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ubc okanagan nursing reddit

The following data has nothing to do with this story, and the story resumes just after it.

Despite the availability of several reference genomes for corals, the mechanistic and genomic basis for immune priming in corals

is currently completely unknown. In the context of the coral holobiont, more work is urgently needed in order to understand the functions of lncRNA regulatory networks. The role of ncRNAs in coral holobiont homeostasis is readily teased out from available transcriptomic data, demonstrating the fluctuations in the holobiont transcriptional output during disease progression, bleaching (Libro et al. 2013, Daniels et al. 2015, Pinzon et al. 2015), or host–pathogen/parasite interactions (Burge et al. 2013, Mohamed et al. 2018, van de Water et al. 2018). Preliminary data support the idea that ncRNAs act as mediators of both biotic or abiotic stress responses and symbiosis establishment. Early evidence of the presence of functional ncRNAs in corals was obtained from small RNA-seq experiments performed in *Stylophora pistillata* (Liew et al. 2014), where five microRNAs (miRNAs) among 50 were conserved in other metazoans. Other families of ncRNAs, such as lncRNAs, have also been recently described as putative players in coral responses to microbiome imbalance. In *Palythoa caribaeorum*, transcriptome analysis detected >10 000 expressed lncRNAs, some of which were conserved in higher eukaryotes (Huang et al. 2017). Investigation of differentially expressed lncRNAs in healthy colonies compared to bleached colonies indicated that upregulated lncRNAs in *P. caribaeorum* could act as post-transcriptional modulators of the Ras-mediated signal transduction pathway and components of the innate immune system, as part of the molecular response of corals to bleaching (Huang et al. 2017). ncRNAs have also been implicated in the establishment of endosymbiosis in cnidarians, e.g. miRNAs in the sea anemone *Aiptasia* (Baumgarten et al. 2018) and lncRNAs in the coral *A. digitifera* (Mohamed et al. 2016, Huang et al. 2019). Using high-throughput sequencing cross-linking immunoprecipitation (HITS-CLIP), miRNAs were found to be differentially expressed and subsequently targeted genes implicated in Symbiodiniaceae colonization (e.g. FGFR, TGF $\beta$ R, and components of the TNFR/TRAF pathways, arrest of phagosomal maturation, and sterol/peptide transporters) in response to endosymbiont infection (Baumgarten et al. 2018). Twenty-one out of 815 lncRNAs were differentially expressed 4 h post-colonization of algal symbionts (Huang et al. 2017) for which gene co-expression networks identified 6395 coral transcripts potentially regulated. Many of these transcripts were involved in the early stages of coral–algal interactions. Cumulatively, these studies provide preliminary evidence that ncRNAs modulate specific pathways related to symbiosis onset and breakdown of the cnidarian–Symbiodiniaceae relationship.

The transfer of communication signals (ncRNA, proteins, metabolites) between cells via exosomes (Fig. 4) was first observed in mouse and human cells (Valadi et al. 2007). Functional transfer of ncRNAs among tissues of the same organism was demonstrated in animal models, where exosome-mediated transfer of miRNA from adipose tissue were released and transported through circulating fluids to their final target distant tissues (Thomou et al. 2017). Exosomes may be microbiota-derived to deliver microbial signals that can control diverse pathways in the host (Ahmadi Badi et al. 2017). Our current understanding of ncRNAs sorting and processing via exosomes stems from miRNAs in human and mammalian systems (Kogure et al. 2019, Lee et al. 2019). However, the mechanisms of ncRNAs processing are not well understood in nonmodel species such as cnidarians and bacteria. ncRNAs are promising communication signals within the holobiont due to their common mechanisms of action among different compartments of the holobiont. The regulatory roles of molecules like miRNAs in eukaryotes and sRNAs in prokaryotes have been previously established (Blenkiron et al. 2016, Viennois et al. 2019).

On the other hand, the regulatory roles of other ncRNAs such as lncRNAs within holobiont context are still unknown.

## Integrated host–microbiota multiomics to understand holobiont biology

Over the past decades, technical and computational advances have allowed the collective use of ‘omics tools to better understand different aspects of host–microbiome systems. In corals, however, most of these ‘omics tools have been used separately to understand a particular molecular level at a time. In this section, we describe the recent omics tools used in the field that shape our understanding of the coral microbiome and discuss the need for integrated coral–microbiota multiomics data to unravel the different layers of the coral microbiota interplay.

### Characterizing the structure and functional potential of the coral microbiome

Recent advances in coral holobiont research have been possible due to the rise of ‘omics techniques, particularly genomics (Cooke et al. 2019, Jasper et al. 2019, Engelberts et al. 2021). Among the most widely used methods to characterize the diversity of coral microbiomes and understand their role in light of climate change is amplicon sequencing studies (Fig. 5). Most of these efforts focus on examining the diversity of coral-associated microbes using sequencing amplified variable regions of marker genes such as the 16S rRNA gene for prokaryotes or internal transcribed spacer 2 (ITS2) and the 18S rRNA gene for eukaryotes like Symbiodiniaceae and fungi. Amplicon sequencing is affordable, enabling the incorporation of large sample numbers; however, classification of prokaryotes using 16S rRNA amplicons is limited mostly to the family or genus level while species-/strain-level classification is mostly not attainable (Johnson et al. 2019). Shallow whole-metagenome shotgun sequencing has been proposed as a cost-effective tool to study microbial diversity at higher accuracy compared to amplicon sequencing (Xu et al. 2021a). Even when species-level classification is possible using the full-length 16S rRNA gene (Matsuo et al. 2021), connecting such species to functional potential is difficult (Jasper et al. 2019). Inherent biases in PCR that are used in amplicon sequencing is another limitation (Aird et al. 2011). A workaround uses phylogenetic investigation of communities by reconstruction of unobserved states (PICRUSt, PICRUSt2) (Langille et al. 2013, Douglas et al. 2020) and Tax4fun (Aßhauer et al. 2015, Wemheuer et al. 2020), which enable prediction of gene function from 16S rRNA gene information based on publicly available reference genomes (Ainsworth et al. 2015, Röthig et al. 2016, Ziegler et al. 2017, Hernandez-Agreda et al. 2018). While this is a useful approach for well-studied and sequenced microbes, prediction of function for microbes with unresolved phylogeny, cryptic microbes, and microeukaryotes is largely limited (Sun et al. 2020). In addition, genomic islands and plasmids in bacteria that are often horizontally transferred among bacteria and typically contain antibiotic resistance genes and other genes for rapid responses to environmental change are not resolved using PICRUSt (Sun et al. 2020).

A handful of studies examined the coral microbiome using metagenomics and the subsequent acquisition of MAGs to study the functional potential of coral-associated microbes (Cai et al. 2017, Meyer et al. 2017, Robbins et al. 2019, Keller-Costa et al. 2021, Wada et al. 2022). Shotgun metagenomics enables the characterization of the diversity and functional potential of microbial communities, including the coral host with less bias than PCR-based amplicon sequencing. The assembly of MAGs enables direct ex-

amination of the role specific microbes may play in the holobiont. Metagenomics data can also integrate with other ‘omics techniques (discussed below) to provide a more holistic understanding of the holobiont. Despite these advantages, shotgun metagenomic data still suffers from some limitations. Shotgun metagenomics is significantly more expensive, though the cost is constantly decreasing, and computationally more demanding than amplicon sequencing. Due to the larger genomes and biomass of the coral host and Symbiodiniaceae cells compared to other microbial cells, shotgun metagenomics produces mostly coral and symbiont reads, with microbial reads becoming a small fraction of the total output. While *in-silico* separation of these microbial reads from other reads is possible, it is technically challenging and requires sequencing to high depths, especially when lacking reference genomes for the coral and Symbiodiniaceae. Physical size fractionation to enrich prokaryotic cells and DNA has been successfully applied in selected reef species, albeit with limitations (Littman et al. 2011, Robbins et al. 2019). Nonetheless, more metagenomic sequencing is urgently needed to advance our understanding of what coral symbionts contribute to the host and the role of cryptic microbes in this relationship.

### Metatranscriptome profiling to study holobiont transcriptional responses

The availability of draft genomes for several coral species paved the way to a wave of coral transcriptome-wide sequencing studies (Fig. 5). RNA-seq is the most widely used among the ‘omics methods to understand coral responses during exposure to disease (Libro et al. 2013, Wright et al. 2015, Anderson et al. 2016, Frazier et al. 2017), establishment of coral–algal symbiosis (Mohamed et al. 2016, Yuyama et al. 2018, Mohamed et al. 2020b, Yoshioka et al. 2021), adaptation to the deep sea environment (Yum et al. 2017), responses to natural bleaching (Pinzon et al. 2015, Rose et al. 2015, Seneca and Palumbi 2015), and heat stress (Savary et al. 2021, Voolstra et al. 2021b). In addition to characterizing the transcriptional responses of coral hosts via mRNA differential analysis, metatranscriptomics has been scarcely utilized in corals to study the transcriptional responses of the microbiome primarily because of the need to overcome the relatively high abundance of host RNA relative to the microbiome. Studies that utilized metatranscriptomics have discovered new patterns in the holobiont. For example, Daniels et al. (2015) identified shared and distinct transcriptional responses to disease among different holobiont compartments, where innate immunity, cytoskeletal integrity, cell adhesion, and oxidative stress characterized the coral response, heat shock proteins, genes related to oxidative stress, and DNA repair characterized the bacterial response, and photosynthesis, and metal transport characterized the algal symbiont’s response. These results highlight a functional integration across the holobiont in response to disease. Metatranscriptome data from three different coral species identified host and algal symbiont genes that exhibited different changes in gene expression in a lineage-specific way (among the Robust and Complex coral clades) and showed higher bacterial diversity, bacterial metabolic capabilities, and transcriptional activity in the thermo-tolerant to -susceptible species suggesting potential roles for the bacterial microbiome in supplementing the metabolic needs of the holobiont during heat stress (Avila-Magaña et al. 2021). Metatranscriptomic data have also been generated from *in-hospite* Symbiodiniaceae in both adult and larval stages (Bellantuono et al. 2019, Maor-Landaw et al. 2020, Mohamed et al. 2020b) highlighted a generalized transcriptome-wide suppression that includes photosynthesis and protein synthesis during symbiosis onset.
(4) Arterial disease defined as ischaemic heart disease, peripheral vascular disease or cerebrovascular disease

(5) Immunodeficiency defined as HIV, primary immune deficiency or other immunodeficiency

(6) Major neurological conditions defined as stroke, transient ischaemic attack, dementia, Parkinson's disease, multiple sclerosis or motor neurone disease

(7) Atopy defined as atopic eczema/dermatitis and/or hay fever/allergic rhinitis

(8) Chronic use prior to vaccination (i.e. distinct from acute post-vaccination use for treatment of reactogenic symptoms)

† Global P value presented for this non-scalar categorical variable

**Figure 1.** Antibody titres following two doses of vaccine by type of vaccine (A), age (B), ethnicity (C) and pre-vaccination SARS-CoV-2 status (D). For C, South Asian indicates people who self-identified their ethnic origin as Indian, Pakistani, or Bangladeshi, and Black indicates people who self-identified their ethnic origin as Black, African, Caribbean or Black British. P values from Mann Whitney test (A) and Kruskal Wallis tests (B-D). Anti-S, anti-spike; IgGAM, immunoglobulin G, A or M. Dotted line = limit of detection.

I had no issues with the graphic things you see in emergency, nor with people who yell at you over emergency room waits but what was hard were things like seeing terminally sick and scared children, parents breaking down, or people who come in a bad state but have no family to hurt them out. I make $43 an hour, lots of OT is available and there are decent benefits/ vacation days. A different school may give you a slight edge in the beginning, but after 6 months your skills will catch up with other nurses. You do need: a dark sense of humour, excellent communication skills, critical thinking skills, compassion, a strong set of core muscles (you do lots of heavy lifting and our patient population keeps getting more and more overweight). I was admitted into UBCO nursing and I am debating between going there and another school. Join. You don’t have to be a “saint”, trust me, I’m a compassionate, intelligent, lovely person, but I certainly don’t work for free. - Langara is your only realistic option if you do not already have a degree or have a lot of credits. Welcome to UBC Okanagan’s School of Nursing. You will also smile, laugh, and learn from the people you care for. It is a lot of work, but it is rewarding, stimulating, and I actually enjoy going to work! Press question mark to learn the rest of the keyboard shortcuts. I found an area that I don’t find overly stressful. I highly recommend you shadow a nurse or volunteer at a hospital or nursing home to help get familiar with the role. The site may not work properly if you don't, If you do not update your browser, we suggest you visit, Press J to jump to the feed. It is a lot of work, but it is rewarding, stimulating, and I actually enjoy going to work! Yes, some days are crazy and stressful, but it really depends on the unit and team you're working with. Top. In 2009, she was one of 10 women in the world to receive a $12,000 grant from the Margaret McNamara Memorial Fund. Posted by 4 hours ago. Read all of these carefully, the deadlines to apply are very far ahead of time, and you need to get your prerequisites in order first. I know a ton of nurses who graduated. Nursing school was a lot harder than I had anticipated but I graduated with honours and got hired really quickly. Not a nurse (was going that route then I switched) but my friends who are now nurses recommend BCIT or Langara. Those are things that you don't experience though until you're actually in the hospital, so definitely volunteer first. Master of science in nursing program adds new dimension of caring. For something like nursing, you definitely want to have as much hands-on learning as possible. ADMISSIONS / INCOMING STUDENT MEGATHREAD 2020 v1: Post all your admissions & new-to-UBCO questions here! 31. pinned by moderators . That's cool I didn't know that. I believe it’s only another 2 years to bridge to RN if that’s the route you want to take. Let me know if you have any other questions, I'll do my best to answer them :). You don't have to be in their foundations program, you just need to do their five pre-requisite courses. I’m pretty happy. There will be a lot of competition amongst students but I assure you that your marks on a test won’t depict if you will be a good nurse. card classic compact. I am currently in my second year at UBCO, I eventually want to get into law at UBC after I graduate. Did u have a degree beforehand? Long hours and you have to put up with a lot of crap ( no pun intended). Fall 2019 registration is already closed. The site may not work properly if you don't, If you do not update your browser, we suggest you visit, Press J to jump to the feed. Do you already have a degree or have done a lot of credits? They didn't recommend UBC because their program starts in the 3rd year so their students are behind in terms of clinical hours and the practical experience that come with it. Like other have said, you will need to put in the work to succeed. It was manageable but I did not have much free time. Was it hard switching? University of British Columbia, Okanagan Campus r/ ubco. How does it stack up with similar programs elsewhere? It's very different from other college/university programs. We had 5-6 courses crammed in to 2-3 days, then 2 days of clinical. All of them will give you back what you out into them but none will actually prepare you for the job. Check out future careers MySON login We are excited to announce our newest offering, a PhD in Nursing! Unlike the other programs (that are 3-years), UBC's is 20-months long. They always seemed super stressed and got jobs right away. Good luck. Likely hard to get into since it's UBC and has a required supplemental application and CASPer assessment. save. I am not a nurse yet but I am aware of the realities of the profession. You will learn the basics and the foundations in the classroom but you will learn the most hands on. Not in nursing, but only heard good things about it. Nursing is a great career :) Most people start with bedside nursing but there are so many different areas to specialize in that if you get bored of one, you can move on to another. If you're serious about being a nurse, definitely volunteer at hospitals and see if it's for you. Do your research before you take the plunge. Being a nurse - very stressful. Hot New Top Rising. I've seen fantastic nurses and nurses who struggle coming from all schools. I found the courses itself somewhat stressful, but not as all encompassing/ difficult as others makes it out to be. Not really. 126 comments. and for sure but I would personally wait until the acceptance deadline and then make the fb group, New comments cannot be posted and votes cannot be cast, Looks like you're using new Reddit on an old browser. This also helped me in my current role having to manage and support other nurses and care aids. Health care in general can be stressful in terms of volume, the hours, and pace, but there's also the emotional toll it can take on you. Just search "allnurses canada nursing programs". https://www.bcit.ca/study/programs/8875bsn, https://nursing.ubc.ca/undergraduate-program/admissions, https://www.kpu.ca/calendar/2018-19/health/nursing/nursing-deg.html, https://www.douglascollege.ca/programs-courses/catalogue/programs/BSNURS, UBC is actually not as highly regarded by the hospitals because of they allow students to switch in their third year. If you don't, you might end up hating it. Nurses are the best people on the planet. Compared to a lot of other industries. I still had a social life of sorts. 31. As a nursing student at UBC’s Okanagan campus, you will experience an intimate, student-centred classroom environment. After graduating with a BSN and an MSN from UBC’s Okanagan campus, Vida set out to earn a PhD in medical anthropology, nursing, and anthropology of gender. - Langara is again an option with a degree since your application would be prioritised and can be accepted with a lower GPA than the cutoff for the five pre-reqs. What area of nursing do you work in now, and what areas did you work in previously? Some of the questions may result in unpleasant memories, especially when they relate to CoVid-19. Yes school was stressful. Nursing is a great career :) Most people start with bedside nursing but there are so many different areas to specialize in that if you get bored of one, you can move on to another. ASK QUESTIONS if you don’t understand something, “fake it till you make it” is dangerous in health care! Posted by 5 months ago. Not to the mention the plethora of lovely bodily fluids that you will end up dealing with. The job itself if difficult but extremely rewarding. I might move to campus next term and as a first year I am wondering how the weather is. Looks like you're using new Reddit on an old browser. I worked as a care aid throughout my training which I think gave me a lot of hands on experience with the basics of caring for people. Quite frankly, bedside “tasks”, ivs, catheters, ng tubes, dressings are fairly simple to learn on the job, it’s critical thinking and prioritizing that matters the most in your career. From what I can tell, a comfortable GPA for acceptance is 3.6+ with 3.45-3.59 having a good chance of acceptance or being on that intake's waitlist. thanks for the info! No other occupational specialty comes even close. Your admission GPA is calculated based on those five courses only, no work or volunteer experience is considered or required. You could always start with the two year LPN course. How hard was it to get in? What are your thoughts of it in general? I got into the nursing program as well. I went to BCIT based on recommendations from other nurses. I’ve done lots of research already, but any extra insight - especially from people in the program - would be great. I have researched it too and heard good things about BCIT, UBC, and Kwantlen. We still didn’t actually start clinical until our 3rd year, so the program itself was somewhat similar. You deal with the public and can be involved in high stress situations that can be physically and emotionally draining. It also gives you a chance to talk to nurses and other health professionals to see if it's the right path for you. You will work shift work, a lot of shift work. Not for you if your concern is looking for a low stress profession. They all qualify you to write the NCLEX and then get your license. Your passion, dedication, and desire to help others is what’s important. Hot. It took me about 8 years to find the right area for me though. Yes, some days are crazy and stressful, but it really depends on the unit and team you're working with. Anything you wish you knew before getting in? Not to mention all the preparation time for clinical, completing assignments, practicing skills, and studying for tests. This perpetuates a myth about nurses, that the job is a calling and not something they work for. Moderator of r/ubco. BCIT is usually regarded as highest, and Langara and Kwantlen second/third, UBC Okanagan has a 4 year program and UBC has the 20 month 3rd year entry program. card. There's also a space downtown dedicated to the nursing program, which is right next to the hospital. Thanks, New comments cannot be posted and votes cannot be cast, Press J to jump to the feed. Also if anyone has taken a similar route, feel free to tell me how it went! 5 years ago. If you DO have a degree or a lot of credits: - BCIT is a good choice if you have a degree/a lot of credits in combination with health-related volunteer or work experience. Honestly, I don't think it really matters which school you go to. share. Holding a part time job is likely possible, although difficult. They are hard to get into, so you might not get your first choice anyways, so apply to all of them (double check all requirements, you need more than just high school to get into the actual nursing programs). 2018 Health Researcher of the Year, Barb Pesut. I volunteered in an emergency room at one hospital, then later volunteered at BC Children's. You will get what you put in to it! You will have homework and reading to do every night to be prepared for class. If you DO NOT have a degree or a lot of credits: - KPU has currently closed their foundations program indefinitely. Press question mark to learn the rest of the keyboard shortcuts. I would take that as a good sign. - UBC Vancouver campus also has a BSN program that requires either a degree or at least 48 credits to apply. Only UBC really has a bad reputation - it's probably not actually deserved and obviously UBC has produced some great nurses and is really the only local school(lower mainland) with any brand power outside of BC. - BCIT'S acceptance rate for applicants with under 40 credits but have health-related work experience was only 8% for the Jan 2018 intake.